THERE are many incredible stories from Catalonia’s “wildcat” referendum in 2017, stories that reveal the ingenuity and determination required from tens of thousands of volunteers to hold a national plebiscite against the furious resistance of the central state.

One of the best is how they managed to get the ­ballot boxes into all of the polling stations. The ­Spanish ­police (Guardia Civil) had seized the boxes in the days prior to the vote, but the Catalan ­government managed to get more imported just in time, and this time they were stored at a secret location in France.

The operation to get them to voting booths for ­October 1 while evading the Guardia Civil was ­complex logistically, and involved elements of ­­camouflage. In one city, Sabadell, a bin lorry quietly made its way from school to school.

“They were disguised as bags of trash,” a ­volunteer said, “but this was democracy we carried in our hands.”

Five years and one day have passed since that ­remarkable referendum, which is most remembered around the world for the shocking police violence at polling booths just to prevent Catalans exercising their democratic will. Despite the brutality, Catalans did vote: just over 2 million were cast for Yes, 177,000 for No.

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What happened next is well known: after weeks of mass protests in defence of the vote, the Catalan Parliament finally declared the Catalan Republic at the end of October, leading the Spanish Government to impose Article 155 of the constitution, dissolving the Catalan Parliament and placing the nation ­under ­direct rule from Madrid. The Catalan President, ­Carles Puigdemont, fled into exile in Belgium, while nine other ministers in the government and social movement leaders were arrested, thrown in jail and given a combined prison sentence of 100 years.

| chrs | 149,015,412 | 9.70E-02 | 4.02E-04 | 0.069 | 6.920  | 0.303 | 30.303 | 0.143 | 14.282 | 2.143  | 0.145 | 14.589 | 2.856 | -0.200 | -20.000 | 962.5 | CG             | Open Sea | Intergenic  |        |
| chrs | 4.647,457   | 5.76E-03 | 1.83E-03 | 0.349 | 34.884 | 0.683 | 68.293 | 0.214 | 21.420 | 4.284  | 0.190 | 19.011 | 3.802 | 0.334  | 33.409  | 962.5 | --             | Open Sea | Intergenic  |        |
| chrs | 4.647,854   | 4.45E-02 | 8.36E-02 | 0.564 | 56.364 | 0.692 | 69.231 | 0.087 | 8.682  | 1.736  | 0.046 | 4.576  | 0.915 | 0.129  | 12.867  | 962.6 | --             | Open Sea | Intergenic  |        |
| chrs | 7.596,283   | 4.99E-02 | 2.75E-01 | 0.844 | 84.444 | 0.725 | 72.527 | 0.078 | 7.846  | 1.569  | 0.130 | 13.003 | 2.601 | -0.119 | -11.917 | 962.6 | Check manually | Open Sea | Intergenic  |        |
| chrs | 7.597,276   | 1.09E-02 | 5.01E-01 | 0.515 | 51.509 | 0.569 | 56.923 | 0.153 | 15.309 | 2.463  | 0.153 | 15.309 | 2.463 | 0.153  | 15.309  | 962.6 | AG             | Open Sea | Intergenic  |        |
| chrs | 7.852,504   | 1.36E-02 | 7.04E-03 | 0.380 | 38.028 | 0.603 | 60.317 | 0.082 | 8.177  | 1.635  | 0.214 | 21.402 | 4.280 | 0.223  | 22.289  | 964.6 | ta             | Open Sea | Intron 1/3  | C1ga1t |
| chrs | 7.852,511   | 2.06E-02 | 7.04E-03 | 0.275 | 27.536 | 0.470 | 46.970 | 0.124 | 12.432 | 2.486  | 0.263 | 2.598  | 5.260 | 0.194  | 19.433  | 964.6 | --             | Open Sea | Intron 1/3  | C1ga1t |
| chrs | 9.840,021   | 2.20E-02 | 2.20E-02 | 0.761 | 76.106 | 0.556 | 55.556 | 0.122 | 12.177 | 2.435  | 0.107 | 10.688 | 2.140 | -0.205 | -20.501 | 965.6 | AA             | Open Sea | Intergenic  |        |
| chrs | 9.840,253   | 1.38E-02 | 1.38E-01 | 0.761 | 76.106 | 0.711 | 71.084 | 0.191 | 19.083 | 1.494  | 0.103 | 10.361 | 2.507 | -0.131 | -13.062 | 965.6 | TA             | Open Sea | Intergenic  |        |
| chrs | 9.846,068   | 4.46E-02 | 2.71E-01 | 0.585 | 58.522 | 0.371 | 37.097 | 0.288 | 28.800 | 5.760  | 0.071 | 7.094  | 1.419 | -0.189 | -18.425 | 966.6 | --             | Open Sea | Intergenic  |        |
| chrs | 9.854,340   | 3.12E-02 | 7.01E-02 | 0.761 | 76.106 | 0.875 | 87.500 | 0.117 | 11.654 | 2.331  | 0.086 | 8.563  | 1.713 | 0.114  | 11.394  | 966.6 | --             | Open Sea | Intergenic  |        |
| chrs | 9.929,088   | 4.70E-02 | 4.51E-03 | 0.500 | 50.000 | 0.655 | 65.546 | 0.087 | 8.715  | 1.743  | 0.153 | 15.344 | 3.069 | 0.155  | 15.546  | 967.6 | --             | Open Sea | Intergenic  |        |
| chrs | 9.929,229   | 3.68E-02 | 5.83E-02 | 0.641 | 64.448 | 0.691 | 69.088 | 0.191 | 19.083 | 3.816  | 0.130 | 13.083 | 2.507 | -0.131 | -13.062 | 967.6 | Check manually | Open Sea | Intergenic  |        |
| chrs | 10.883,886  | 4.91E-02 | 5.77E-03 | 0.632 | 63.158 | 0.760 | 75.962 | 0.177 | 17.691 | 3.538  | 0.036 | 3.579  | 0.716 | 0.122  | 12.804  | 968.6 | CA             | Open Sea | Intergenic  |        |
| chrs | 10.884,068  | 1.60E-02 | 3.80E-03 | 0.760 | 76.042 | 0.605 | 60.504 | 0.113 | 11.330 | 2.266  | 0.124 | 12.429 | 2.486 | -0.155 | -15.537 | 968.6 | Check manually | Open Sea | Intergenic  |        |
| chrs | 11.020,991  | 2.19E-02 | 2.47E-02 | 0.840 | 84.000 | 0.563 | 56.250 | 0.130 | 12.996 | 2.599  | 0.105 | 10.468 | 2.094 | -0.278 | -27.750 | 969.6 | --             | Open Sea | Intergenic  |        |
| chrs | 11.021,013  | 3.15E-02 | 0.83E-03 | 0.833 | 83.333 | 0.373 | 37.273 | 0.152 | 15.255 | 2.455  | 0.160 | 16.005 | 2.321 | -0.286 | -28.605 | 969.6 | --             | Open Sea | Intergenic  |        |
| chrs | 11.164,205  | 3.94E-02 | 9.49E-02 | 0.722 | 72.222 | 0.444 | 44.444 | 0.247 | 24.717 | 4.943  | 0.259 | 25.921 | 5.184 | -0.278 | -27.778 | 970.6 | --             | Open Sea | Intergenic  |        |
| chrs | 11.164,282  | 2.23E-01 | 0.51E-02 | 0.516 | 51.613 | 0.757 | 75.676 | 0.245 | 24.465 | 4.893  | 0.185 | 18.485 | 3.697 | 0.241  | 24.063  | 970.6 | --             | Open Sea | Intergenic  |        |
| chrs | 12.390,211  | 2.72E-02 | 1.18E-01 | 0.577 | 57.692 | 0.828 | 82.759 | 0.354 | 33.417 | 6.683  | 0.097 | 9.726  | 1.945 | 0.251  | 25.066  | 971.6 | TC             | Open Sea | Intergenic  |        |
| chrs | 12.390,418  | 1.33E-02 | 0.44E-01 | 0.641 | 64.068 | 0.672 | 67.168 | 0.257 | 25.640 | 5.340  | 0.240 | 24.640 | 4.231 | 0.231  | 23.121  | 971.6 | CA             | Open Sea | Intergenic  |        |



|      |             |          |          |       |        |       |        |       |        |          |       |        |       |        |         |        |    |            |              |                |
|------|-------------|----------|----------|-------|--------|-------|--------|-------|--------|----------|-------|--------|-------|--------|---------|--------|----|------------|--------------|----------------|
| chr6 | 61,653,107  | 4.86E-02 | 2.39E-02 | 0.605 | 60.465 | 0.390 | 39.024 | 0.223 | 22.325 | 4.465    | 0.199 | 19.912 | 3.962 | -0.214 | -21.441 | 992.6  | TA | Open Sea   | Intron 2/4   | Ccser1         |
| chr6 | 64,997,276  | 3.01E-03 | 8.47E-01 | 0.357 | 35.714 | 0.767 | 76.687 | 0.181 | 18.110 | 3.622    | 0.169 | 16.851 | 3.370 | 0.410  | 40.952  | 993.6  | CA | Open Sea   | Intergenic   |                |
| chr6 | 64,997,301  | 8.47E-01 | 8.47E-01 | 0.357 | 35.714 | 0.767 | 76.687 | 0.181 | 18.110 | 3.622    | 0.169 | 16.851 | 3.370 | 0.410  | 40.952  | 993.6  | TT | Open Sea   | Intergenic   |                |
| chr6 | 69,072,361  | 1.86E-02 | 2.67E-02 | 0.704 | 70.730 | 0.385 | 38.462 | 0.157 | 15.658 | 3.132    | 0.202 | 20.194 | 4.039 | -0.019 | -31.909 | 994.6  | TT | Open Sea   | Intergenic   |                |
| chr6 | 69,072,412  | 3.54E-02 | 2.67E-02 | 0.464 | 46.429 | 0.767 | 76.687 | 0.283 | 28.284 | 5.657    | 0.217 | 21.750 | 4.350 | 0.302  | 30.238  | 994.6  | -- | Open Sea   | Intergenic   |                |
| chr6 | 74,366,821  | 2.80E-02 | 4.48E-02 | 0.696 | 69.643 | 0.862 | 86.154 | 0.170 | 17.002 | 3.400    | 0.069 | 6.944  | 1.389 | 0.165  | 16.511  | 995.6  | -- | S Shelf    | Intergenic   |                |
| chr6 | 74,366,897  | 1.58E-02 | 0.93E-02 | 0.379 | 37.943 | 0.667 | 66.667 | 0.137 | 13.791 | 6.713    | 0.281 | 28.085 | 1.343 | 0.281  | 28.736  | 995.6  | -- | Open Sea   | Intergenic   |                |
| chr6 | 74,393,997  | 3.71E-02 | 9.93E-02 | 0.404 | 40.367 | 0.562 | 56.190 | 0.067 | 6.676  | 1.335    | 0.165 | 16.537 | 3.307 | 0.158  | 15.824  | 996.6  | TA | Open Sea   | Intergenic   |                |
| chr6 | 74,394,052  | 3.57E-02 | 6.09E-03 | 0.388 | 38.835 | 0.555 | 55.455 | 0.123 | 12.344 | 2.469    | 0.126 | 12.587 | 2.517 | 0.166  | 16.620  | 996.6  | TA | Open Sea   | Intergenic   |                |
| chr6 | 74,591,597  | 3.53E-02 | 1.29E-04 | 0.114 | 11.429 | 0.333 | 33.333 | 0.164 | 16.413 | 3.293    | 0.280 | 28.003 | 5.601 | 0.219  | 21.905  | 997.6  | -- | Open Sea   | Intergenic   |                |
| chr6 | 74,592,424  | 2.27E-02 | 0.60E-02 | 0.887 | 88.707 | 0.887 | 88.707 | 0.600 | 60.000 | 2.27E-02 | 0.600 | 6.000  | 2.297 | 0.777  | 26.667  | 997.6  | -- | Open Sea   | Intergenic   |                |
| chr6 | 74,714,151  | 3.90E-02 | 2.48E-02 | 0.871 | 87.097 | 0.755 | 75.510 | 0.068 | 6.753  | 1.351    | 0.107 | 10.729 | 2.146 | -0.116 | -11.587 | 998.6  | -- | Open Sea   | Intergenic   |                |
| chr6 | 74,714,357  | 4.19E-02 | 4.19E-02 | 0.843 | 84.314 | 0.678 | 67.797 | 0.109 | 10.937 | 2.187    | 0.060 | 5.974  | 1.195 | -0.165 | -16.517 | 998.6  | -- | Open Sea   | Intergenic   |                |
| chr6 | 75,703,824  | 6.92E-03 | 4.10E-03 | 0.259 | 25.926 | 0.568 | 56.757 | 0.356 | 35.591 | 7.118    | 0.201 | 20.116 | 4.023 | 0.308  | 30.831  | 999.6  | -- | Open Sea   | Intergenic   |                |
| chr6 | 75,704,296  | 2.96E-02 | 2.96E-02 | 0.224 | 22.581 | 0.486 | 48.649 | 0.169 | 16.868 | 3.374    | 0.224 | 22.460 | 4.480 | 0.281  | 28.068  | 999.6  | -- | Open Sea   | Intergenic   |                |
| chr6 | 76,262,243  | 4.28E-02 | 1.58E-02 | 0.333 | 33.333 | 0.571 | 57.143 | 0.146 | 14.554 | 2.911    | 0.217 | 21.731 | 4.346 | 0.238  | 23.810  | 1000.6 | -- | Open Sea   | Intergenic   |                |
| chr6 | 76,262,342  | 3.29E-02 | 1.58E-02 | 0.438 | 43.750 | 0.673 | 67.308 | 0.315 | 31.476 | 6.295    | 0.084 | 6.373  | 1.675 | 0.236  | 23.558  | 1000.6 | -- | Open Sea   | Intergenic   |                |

“The Nine” would later be pardoned under a new Spanish Government led by Socialist Prime ­Minister Pedro Sánchez, but over 3000 Catalans in some way related to the referendum vote have faced the wrath of Spain’s highly-politicised judiciary, with many still imprisoned. Judges have even sought to ­impose ­themselves on devolved Catalan competencies, ­seeking to enforce an increased use of the Spanish language in schools, for example.

A new scandal broke out earlier this year ­after it was revealed that Pegasus spyware had been ­installed by the Spanish state into the phones of 65 ­pro-independence politicians, activists, lawyers and computer scientists, the largest case of espionage ­using the Israeli NSO Group’s Pegasus tool – which allows the hacker complete access and control of the target’s phone – so far. “Catalangate” brought down the head of Spain’s secret intelligence ­agency, Paz ­Esteban, but no politicians have been held ­accountable.

The referendum now commonly referred to as “1-O” shook Spain to its core while at the same time generating a repression which has been painful for Catalan society to endure. On the fifth anniversary of 1-O, I visited Barcelona to speak to a variety of Catalan politicians, activists and researchers to find out the true legacy of the referendum and the next steps for the independence struggle.

One of the remarkable aspects of the ­post-referendum era is that despite the fact the high-stakes gamble of a wildcat referendum and a ­unilateral declaration of ­independence did not lead to ­independent statehood, the parties which had led that ­process were not punished by Catalans in ­subsequent elections, far from it.

In the first election after 1-O in ­December 2017, Catalans voted for 70 pro-independence MPs, a majority in the parliament and up three on the ­previous election. In the most recent 2021 ­election, that number rose to 74. It’s clear ­Catalans primarily blamed Madrid for what ­happened.